Linklaters and Milbank Tweed Hadley & McCloy have secured a judgment in favour of Visa after 12 major UK retailers, led by the Arcadia Group, sought damages in relation to Visa’s setting of interchange rates.
Mr Justice Simon ruled today (30 October) that the claim was too historic as they related to a period from 1977. Under Visa’s rules, the merchant pays a multilateral interchange fee (MIF) each time the cardholder makes a payment using the card. According to the claimants, the MIF totalled an illegal restriction of competition.
However, Justice Simon said in the judgment: ‘This is not a case of a ‘secret cartel’ operating over many years without the knowledge of victims and the authorities, and which has been discovered long afterwards. On the contrary, the existence and operation of the Visa four-party card payment system and the multilateral interchange fees were matters of public knowledge, which had been notified to the competition authorities.’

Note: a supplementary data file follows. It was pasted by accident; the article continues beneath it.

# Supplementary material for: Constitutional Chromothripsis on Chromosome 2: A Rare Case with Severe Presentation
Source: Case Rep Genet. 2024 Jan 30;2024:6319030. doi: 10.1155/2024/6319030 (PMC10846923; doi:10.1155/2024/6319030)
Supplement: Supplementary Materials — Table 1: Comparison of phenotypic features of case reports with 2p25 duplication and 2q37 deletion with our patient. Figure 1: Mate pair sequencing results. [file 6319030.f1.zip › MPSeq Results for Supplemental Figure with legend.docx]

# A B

Alongside this, Marks & Spencer (M&S), Sainsbury’s and Tesco, also brought similar claims forward in regards to Visa’s interchange fees, which are still pending, although today’s decision may dispose of the historic claims.
Linklaters’ commercial disputes partner Michael Sanders represented Visa Europe, Visa Europe Services and Visa UK, instructing 20 Essex Street’s Stephen Morris QC, Brick Court Chambers’ Daniel Jowell QC and Monckton Chambers’ Anneli Howard.
For Visa Inc and Visa International Service Association, Milbank’s co-managing partner of London and head of litigation and arbitration Julian Stait instructed Brian Kennelly of Blackstone Chambers.
Stewarts Law’s competition litigation head Jonathan Sinclair, who instructed Brick Court’s Fergus Randolph QC and Max Schaefer, and Matrix Chambers’ Christopher Brown, acted for the claimants.
The 12 claimants were Arcadia Group Brands, Asda Stores, B&Q, Comet Group (which went into liquidation), Debenhams, House of Fraser, Iceland Foods, New Look, Next, Record 2 Shop (also in liquidation), WM Morrison Supermarkets and Argos.
For the other claims, Stewarts Law acted for M&S, Bingham McCutchen’s Frances Murphy advised Sainsbury’s and Mark Humphries senior partner at Humphries Kerstetter represented Tesco.
The outcome is subject to a proposed appeal.